This is a story. It is not a very good story, but it is not very long, either, so you will not have to endure it for too long a time. It is a story about a girl, fourteen, and a boy, twelve. The boy and the girl, as you may guess if you have read any literature written within the past ten years, were lovers. This may sound disgusting to you, but probably not. We, in the twenty-first century, are used to it. The boy falls out of love with the girl, of course, he doesn’t really even know what love is, but he has something of a strong passion, for a twelve year old, and the girl kills herself. The story is about the girl, really. The boy only figures in as a kind of foil. You will see what I mean. I hope you enjoy the story, although I am sure that you probably won’t.
There once was a girl, as I have said. I’ll name her now, call her Francine, it’s not such a common name that many will be offended and want to have their own reexamined once it is said, but it is not so uncommon as to seem frivolous or flippant. Francine, then. When our story begins Francine has just come back from school, where she met a boy, lets call him Tom, that being a very American, wholesome name, having the effect of causing the reader to reanalyze, perhaps, a portion of his American, or wholesome, values. Francine liked the boy, thought he was cute. Although he was younger than her, it was only by a year and a half. They were at the same middle school, it was nearing the end of the year, and, while Francine had noticed Tom often, she had never spoken to him before.
Let me pause here, to mention the fact that, although the literary style I am employing is a bit trite, it makes the progression of the story flow in an almost uninterruptedly pure and unadulterated style. There is little to be lost in this method, besides for the obvious.
Francine and Tom share a bit of a romance. There was sex, because this is an early twenty-first century story, and sex is almost a given. But the sex does not come for a couple of days. Tom is young, and unsure of himself. Francine, though older, is, let’s face it, only fourteen, and while she is no Lolita, she is no Madonna either, if you know what I mean (some of the younger readers of this story might not understand that reference. Explain it to them, oh children of the nineties). Francine and Tom had passionate sex at Francine’s house, in her bed, in fact, four days after they began going out.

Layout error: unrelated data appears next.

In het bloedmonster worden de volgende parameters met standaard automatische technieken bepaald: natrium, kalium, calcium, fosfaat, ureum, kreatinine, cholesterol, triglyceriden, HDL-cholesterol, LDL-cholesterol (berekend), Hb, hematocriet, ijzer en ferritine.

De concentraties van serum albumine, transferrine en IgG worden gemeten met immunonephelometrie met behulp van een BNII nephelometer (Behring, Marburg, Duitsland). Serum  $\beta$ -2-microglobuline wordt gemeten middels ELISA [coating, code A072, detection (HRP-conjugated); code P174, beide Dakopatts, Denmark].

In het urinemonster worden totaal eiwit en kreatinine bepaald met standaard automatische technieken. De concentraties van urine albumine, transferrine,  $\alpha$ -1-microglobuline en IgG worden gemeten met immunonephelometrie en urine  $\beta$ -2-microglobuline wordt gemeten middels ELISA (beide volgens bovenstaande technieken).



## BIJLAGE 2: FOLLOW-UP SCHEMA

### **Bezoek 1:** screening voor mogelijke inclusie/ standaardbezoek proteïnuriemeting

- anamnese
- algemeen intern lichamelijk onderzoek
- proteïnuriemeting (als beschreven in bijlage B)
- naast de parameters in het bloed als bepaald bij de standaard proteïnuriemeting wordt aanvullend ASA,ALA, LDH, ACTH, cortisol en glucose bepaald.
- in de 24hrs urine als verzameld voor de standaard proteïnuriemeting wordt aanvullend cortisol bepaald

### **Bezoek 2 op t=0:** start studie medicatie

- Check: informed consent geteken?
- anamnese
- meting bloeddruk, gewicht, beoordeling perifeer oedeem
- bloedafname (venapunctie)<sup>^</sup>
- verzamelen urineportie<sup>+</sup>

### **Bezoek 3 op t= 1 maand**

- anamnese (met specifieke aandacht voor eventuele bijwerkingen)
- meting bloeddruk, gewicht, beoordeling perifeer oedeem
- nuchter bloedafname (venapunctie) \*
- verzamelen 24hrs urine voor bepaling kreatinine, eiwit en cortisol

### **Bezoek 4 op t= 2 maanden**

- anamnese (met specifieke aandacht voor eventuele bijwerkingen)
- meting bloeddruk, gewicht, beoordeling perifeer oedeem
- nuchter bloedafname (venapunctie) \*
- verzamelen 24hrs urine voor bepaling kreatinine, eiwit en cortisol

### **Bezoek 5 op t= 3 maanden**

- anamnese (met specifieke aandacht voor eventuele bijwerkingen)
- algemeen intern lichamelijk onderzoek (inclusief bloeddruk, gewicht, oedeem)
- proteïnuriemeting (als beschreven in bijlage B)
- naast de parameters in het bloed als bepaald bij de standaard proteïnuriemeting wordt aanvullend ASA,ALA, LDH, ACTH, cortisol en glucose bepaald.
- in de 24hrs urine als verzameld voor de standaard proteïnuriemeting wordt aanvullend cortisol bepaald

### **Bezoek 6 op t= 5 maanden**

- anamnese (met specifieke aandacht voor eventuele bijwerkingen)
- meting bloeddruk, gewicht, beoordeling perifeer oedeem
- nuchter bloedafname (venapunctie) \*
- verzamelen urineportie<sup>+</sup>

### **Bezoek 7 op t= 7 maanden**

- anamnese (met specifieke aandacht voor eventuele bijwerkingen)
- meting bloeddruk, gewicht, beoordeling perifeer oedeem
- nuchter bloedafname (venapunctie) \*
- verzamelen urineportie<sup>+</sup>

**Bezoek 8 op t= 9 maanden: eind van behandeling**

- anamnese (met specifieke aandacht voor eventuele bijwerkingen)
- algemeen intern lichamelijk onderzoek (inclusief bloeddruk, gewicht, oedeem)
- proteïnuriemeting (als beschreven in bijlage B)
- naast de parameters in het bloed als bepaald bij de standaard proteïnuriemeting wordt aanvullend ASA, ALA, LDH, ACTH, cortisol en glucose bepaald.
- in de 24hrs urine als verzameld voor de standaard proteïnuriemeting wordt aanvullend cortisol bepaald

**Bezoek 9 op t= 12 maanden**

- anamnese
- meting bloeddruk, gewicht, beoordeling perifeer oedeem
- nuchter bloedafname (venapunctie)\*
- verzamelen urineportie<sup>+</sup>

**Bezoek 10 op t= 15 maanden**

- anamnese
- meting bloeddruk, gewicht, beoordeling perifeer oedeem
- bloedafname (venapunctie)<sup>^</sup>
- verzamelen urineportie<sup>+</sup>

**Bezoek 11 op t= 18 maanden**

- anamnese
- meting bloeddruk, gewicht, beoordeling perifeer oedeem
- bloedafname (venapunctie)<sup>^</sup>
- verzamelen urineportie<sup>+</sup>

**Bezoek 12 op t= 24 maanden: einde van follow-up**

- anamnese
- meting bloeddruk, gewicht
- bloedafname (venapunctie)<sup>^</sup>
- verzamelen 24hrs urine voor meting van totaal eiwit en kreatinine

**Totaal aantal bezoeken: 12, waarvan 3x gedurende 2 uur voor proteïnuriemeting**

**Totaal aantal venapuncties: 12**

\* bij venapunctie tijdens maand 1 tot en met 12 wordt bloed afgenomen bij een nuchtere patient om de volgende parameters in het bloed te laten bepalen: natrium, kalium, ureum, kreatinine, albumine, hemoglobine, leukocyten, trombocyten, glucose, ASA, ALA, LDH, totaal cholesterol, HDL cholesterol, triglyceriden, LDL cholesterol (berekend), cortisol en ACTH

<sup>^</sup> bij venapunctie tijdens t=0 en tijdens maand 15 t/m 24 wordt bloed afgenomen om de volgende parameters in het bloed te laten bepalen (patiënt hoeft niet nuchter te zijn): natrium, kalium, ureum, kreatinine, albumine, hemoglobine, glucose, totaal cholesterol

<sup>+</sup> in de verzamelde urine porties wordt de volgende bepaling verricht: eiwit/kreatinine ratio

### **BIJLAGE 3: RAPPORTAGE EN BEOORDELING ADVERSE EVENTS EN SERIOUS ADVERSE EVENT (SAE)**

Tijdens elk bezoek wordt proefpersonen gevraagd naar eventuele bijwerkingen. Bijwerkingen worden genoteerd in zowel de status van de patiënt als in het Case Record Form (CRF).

Going out is what they called it, not going steady or dating, going out. We’re going out. Going out for a pizza, going out for a walk in the park, going out to have sex. That is what it was. Francine was in love with Tom’s hairless, pure, passionately wonderful body. Because this is a ‘post-modern’ story, Tom can have passionate sex when he is twelve years old. Come on, stranger things have happened. The funniest part, for Francine, is that when she loses her Virginity to a boy almost two years younger than herself (had she lived, she would have always had a thing for younger men), her mother is cooking, downstairs (the passionately interested reader – I am sure there are not many, but there must be one or two – is probably wondering what this homey, nineteenfifties-type woman is doing in the pages of this passionately modern story. I admit, she is a mistake, but I cannot get rid of her. She exists. She will not go away). They eat dinner, together, afterwards, Mother, Francine, and Tom. There is no father. Mother is divorced. Let us not worry about what mother does for a living; this is only a short story, not a novel, and elements are allowed to be left unexplained.
They have sex, again. One time is necessary, the second is optional, but is given preferential treatment. A third time would be overdoing it, so he breaks up with her before they have the chance.
Francine is heartbroken. She reminds Tom of the passionate sex. He seems to be engrossed in a video game. She does not understand. She reminds Tom of his love for her. He hangs up the phone.
She decides to shoot herself. There is no gun. Instead, she cuts her hands, with scissors, from school, in the bathroom. It is a slow death. She watches the blood oozing out of her hands, and thinks of her love for Tom, the young boy who is, just now, almost done with the second to last level of the video game he has been obsessively into, just as he was obsessively into her, for three days. She loses consciousness, without a thought of her mother. Her only thought is that Tom will join her, some day. Tom never does.
If you are surprised at the ending of this story, you shouldn’t be. All modern stories end in death and despair. At least the good ones do, and we don’t really care much about the others. The trashy stories that line the shelves of any reputable book conglomerate may end happily, but, come on, who are they kidding? The good stuff ends in death. This trend goes all the way back to Hemingway, who didn’t even know how to end a novel without killing off all his main characters. It got so real for him that the only thing he knew how to do, in the end, was blow his own head off.
What can I do? I just want to write good literature.
Bezalel Stern exists. Follow him @ twitter.com/bezalelstern. Read more at bezalelstern.tumblr.com.